Lebanon Crisis Tests US Status as 'Broker' For Peace in Mideast
WASHINGTON — Fifteen days after it began, a mini-war between Israel and Hizbullah guerrillas in south Lebanon has thrown US Middle East diplomacy into a crisis unforeseen even a week ago.
The scale of the bombardment, combined with a strong Arab perception that Washington has given Israel a green light in Lebanon, creates a difficult new dynamic for US Secretary of State Warren Christopher, particularly with Syrian President Hafez Al-Assad. Mr. Assad, who early this week seemed to snub Mr. Christopher, has been slow to help broker an agreement to end fighting that has so far claimed nearly 155 Lebanese civilian lives.
Even if a ceasefire is arranged (prospects were dim at press time), Middle East experts say American misreadings over the past week have led to at least a temporary loss of diplomatic leverage in the region. The war, which has created 400,000 refugees, spawns the potential for further Islamic political radicalization in the region. The Egyptian Islamic group Gamaa Islamiya, which killed 18 Greeks in Cairo last week (saying it thought the target was Israeli), claimed the attack was retribution for Israel's attack on Lebanon.
"If our desire is to show we are the key player in international politics, we haven't shown it in this crisis," says William Quandt, who helped draft the 1978 Camp David accords. "We sat too long on the sidelines, thinking this [war] was good for [Israeli Prime Minister Shimon] Peres. Now we can't be taken as an independent broker."
The shift is sudden. After world leaders gathered at a US-led summit in Egypt last month to combat international terrorism, Washington and Tel Aviv were riding high. Assad, who did not attend the meeting, was written off by many diplomats as isolated and weak. But with Lebanon overflowing with refugees after what is widely characterized as a war against civilians, Assad this week had seven foreign ministers camped on his Damascus doorstep, including the French, who tried to undercut the American effort with their own Lebanon peace plan.
A United Nations resolution (opposed by the US) that condemns Israeli attacks on Lebanon was expected to be approved by the General Assembly late Thursday.
Eventually, Damascus and Beirut are expected to fall in line with Washington, which alone represents Israel, the strongest power in the region. But American pressure on Assad to stop Hizbullah raids on Israeli troops in the so-called "security zone" in southern Lebanon is seen as unrealistic.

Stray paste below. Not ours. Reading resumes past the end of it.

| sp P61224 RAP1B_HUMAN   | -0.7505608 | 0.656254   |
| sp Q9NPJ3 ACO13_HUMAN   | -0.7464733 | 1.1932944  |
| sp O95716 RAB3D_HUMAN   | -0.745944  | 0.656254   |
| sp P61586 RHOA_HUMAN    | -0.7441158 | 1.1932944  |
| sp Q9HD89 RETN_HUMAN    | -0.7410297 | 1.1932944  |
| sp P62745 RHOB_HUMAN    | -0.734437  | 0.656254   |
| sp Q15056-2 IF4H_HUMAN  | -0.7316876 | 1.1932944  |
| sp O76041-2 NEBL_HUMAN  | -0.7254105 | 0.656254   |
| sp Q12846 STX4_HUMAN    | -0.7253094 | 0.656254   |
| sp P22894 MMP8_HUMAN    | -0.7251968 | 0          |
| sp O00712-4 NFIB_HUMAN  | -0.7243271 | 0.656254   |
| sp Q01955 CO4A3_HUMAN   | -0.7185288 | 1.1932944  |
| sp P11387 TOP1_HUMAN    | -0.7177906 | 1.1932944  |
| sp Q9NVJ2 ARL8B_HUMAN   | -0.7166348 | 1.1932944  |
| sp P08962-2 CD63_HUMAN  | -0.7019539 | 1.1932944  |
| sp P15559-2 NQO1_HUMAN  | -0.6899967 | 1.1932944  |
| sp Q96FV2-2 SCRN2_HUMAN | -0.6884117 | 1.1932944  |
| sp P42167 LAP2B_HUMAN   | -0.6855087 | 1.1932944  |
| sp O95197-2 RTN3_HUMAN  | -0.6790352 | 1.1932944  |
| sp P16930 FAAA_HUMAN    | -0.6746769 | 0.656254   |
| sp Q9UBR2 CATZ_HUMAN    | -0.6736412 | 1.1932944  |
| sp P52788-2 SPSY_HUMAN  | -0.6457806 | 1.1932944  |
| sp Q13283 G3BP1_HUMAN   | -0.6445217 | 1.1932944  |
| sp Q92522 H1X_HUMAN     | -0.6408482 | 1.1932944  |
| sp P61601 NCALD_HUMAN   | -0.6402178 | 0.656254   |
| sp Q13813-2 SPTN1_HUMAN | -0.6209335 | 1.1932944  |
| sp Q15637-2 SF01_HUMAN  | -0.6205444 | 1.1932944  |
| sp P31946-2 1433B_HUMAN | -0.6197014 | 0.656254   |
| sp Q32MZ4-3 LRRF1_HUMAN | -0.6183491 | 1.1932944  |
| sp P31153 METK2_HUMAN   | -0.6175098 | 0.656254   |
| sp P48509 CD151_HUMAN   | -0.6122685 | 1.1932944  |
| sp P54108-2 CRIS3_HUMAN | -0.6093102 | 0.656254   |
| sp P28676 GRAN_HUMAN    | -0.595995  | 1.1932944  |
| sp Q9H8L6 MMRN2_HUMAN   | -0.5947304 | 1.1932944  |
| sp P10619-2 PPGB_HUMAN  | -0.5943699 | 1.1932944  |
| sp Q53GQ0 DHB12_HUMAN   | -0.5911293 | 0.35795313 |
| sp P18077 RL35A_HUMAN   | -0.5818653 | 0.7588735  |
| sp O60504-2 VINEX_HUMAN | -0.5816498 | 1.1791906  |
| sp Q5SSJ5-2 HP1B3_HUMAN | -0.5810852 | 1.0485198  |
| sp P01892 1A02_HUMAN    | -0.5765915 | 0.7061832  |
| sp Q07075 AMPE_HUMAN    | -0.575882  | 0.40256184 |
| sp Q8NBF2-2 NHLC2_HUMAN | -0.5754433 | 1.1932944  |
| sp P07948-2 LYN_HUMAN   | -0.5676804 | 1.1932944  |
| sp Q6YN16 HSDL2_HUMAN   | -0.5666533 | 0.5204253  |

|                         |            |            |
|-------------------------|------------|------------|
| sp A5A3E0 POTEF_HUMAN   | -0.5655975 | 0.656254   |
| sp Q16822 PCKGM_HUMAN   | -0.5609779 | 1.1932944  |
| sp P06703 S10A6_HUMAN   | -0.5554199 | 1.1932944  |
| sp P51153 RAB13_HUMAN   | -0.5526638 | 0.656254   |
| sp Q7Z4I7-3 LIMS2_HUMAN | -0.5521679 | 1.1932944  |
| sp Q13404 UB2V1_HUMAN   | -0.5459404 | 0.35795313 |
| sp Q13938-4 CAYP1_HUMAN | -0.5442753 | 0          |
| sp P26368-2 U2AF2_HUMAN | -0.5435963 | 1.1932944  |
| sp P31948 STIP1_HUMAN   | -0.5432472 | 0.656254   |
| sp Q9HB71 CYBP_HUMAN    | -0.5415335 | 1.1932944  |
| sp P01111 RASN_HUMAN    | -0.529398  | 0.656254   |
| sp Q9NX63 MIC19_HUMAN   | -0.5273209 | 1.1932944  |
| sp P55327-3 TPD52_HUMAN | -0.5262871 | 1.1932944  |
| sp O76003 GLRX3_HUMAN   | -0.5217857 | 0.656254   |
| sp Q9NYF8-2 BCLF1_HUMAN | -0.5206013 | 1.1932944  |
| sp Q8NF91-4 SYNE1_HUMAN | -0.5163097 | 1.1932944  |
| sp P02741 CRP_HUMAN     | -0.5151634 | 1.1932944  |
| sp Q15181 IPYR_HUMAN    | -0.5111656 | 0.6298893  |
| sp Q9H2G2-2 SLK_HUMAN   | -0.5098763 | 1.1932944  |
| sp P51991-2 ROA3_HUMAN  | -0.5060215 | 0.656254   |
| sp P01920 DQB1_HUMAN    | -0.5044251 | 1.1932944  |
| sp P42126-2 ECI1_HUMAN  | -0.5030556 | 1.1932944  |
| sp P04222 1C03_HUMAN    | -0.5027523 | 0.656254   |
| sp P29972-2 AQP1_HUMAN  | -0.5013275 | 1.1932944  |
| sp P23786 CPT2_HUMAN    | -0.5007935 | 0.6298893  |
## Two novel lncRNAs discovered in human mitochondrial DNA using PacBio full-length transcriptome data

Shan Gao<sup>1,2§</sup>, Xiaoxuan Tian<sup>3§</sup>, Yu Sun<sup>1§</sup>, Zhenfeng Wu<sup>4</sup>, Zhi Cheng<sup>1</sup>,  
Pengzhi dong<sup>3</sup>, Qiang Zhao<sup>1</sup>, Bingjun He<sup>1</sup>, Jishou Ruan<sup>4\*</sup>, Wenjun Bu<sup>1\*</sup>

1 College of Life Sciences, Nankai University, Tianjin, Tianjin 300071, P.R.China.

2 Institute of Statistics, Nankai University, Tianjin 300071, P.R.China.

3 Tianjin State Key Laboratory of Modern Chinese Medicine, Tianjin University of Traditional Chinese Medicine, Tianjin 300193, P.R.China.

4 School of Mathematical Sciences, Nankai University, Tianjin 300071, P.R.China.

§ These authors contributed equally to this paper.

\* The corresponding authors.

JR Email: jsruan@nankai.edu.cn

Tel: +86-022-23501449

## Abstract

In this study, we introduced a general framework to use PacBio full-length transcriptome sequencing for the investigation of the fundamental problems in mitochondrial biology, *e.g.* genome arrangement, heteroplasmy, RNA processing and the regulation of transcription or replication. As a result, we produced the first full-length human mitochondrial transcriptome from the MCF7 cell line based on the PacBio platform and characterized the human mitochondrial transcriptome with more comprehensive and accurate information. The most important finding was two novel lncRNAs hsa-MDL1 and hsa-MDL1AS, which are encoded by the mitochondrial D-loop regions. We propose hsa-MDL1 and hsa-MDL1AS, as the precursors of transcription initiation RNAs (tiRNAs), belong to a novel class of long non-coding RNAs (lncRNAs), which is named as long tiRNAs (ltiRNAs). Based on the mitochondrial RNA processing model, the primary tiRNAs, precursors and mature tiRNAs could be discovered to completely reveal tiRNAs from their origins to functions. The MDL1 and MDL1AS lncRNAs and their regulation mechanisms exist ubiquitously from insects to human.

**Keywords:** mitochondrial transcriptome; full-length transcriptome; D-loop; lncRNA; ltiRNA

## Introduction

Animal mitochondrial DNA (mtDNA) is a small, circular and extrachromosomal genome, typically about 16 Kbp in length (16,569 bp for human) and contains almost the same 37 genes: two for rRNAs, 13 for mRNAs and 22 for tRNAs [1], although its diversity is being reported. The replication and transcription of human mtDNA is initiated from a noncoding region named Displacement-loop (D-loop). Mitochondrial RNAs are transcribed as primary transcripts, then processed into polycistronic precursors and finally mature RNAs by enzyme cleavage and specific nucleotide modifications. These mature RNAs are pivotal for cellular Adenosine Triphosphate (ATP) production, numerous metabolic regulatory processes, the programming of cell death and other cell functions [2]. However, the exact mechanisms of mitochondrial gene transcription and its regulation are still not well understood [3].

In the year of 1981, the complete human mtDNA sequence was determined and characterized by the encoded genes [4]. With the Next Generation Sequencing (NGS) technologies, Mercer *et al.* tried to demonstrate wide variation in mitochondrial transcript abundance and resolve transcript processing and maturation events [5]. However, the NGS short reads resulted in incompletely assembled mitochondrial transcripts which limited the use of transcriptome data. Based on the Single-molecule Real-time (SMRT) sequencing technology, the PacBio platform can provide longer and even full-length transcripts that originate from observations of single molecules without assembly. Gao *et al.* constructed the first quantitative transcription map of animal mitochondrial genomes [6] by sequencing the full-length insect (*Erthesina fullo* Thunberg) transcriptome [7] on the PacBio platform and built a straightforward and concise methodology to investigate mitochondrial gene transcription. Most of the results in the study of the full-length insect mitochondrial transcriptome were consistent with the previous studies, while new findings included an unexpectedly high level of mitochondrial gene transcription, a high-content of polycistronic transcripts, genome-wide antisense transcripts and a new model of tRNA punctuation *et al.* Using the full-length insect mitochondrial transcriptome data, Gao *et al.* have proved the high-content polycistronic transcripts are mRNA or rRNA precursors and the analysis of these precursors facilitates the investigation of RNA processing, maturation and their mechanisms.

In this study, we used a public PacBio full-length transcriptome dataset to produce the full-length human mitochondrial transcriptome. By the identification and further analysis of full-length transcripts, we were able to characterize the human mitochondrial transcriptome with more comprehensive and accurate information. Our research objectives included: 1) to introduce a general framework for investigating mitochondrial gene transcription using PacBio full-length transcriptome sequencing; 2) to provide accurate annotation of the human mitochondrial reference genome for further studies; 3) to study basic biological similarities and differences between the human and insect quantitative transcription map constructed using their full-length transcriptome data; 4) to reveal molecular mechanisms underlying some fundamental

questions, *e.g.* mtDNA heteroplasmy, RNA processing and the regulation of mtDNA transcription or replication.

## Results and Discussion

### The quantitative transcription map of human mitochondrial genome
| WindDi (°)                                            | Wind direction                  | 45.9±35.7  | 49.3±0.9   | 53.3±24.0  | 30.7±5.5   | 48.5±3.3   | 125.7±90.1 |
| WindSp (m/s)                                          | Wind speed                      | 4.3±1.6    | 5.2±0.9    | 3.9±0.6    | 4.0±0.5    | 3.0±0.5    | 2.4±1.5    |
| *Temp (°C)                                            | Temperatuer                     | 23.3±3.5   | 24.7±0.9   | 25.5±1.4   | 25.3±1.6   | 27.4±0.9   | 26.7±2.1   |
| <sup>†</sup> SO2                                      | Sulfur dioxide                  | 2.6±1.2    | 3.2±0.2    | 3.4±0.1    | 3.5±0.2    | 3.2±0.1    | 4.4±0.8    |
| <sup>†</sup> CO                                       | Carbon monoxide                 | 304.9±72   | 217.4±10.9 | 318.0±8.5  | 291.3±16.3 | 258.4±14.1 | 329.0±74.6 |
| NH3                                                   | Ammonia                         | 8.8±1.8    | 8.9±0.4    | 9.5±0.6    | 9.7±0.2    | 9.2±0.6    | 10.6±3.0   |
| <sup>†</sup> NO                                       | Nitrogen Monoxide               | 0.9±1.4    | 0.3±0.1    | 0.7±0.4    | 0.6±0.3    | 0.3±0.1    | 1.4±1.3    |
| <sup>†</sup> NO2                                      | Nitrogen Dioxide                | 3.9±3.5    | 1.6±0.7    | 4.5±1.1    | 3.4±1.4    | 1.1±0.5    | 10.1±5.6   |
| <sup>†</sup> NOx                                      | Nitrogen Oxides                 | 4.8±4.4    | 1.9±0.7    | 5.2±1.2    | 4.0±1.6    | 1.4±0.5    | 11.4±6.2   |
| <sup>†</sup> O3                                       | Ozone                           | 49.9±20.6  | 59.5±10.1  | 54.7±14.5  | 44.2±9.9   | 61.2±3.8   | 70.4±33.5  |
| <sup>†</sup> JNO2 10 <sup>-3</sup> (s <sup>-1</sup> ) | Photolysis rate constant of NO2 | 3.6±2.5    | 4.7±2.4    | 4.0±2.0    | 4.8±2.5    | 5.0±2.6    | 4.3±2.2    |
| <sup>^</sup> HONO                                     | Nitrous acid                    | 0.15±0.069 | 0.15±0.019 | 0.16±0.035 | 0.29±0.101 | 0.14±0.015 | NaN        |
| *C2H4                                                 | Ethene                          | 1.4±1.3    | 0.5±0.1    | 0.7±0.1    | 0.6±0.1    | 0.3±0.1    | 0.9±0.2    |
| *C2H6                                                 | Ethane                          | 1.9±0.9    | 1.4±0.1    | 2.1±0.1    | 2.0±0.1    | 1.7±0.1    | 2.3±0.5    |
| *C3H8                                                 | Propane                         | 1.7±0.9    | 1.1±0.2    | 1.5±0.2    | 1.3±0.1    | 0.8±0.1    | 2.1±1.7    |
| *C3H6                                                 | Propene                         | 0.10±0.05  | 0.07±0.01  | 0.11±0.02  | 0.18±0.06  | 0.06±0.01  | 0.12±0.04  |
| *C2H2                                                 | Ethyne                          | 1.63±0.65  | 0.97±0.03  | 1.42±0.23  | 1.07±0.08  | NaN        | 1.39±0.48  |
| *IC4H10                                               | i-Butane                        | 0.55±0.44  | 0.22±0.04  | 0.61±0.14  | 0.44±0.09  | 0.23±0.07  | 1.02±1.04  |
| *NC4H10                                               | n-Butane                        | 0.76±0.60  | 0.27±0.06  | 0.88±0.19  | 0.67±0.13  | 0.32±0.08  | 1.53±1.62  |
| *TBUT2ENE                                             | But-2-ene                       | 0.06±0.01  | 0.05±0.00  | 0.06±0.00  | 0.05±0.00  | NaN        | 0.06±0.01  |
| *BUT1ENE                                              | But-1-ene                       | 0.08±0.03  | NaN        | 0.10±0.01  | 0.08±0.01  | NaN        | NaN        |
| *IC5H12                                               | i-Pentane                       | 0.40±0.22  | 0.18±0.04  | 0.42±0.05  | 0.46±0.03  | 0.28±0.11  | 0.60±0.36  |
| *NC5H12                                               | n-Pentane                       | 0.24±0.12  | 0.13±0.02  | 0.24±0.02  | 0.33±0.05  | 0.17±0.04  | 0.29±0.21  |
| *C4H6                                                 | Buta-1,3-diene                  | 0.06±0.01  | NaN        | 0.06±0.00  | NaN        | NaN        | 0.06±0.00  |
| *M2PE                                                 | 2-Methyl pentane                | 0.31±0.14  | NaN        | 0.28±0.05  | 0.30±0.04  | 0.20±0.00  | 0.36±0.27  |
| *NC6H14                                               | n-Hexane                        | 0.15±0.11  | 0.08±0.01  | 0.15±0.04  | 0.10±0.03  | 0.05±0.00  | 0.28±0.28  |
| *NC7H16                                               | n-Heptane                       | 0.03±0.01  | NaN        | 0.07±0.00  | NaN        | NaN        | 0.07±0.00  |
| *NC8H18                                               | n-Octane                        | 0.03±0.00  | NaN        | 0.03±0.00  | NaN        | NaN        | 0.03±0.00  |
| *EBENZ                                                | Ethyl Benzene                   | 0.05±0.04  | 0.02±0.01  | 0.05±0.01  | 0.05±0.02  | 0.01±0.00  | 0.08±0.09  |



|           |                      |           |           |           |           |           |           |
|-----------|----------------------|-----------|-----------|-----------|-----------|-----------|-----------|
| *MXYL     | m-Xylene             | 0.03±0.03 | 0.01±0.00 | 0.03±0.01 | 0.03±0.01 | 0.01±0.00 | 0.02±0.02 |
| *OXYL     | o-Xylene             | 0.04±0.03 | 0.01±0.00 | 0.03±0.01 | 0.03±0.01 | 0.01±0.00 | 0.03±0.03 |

"I don't think Christopher and his advisers ever understood Assad. They think he should be doing something to strengthen Peres," says a Washington-based Middle East expert. "[But] Assad doesn't agree with our assessment that the world begins and ends with the [Israeli] Labor Party."
American diplomats emphasize their patience with Assad, demonstrated by the 20 trips Christopher has made to Damascus during his tenure to advance the Middle East peace process. Washington feels it should receive something for the credit it has built with Syria. Analysts here, such as Robert Satloff of the Washington Institute for Near East Policy, say the US should not "settle for anything less than a commitment from Assad to dismantle Hizbullah's military capacity."
But Arab diplomats say Christopher is not dealing with an Arab leader like Palestinian President Yasser Arafat or King Hussein of Jordan, who eagerly sought a US-brokered deal with Israel. Assad is not a politician ready to "give concessions to Israel for old times' sake," says one Arab official with contacts close to the Syrian leader.
THE impact of Israel's high-tech bombing in Lebanon, which this week destroyed water and power centers and humiliated the Lebanese, has emotionally unified Arabs in a way not seen since before the 1991 Gulf war, which split Arab opinion.
The Lebanon crisis is allowing Assad to emerge as the only leader capable of standing up to what appears to Arabs as American partisanship. "Assad is gaining tremendous stature in the Arab world," says Mamoun Fandy of Georgetown University.
At press time, significant differences remained between Israeli and Syrian positions on ceasefire terms.
Under the 1993 agreement brokered by Christopher, Israel agreed not to fire into southern Lebanon if Hizbullah stopped launching Katyusha rockets into northern Israel. Yet the '93 agreement allowed Hizbullah to continue military operations in the so-called "security zone" because Lebanese civilians lived there under Israeli occupation.
Sources say stopping Hizbullah's quick-strike raids, which have killed 60 Israeli troops in southern Lebanon, is the principle Israeli concern - not the aging Katyusha rockets that, while loud and frightening, have not killed a single Israeli civilian in recent weeks.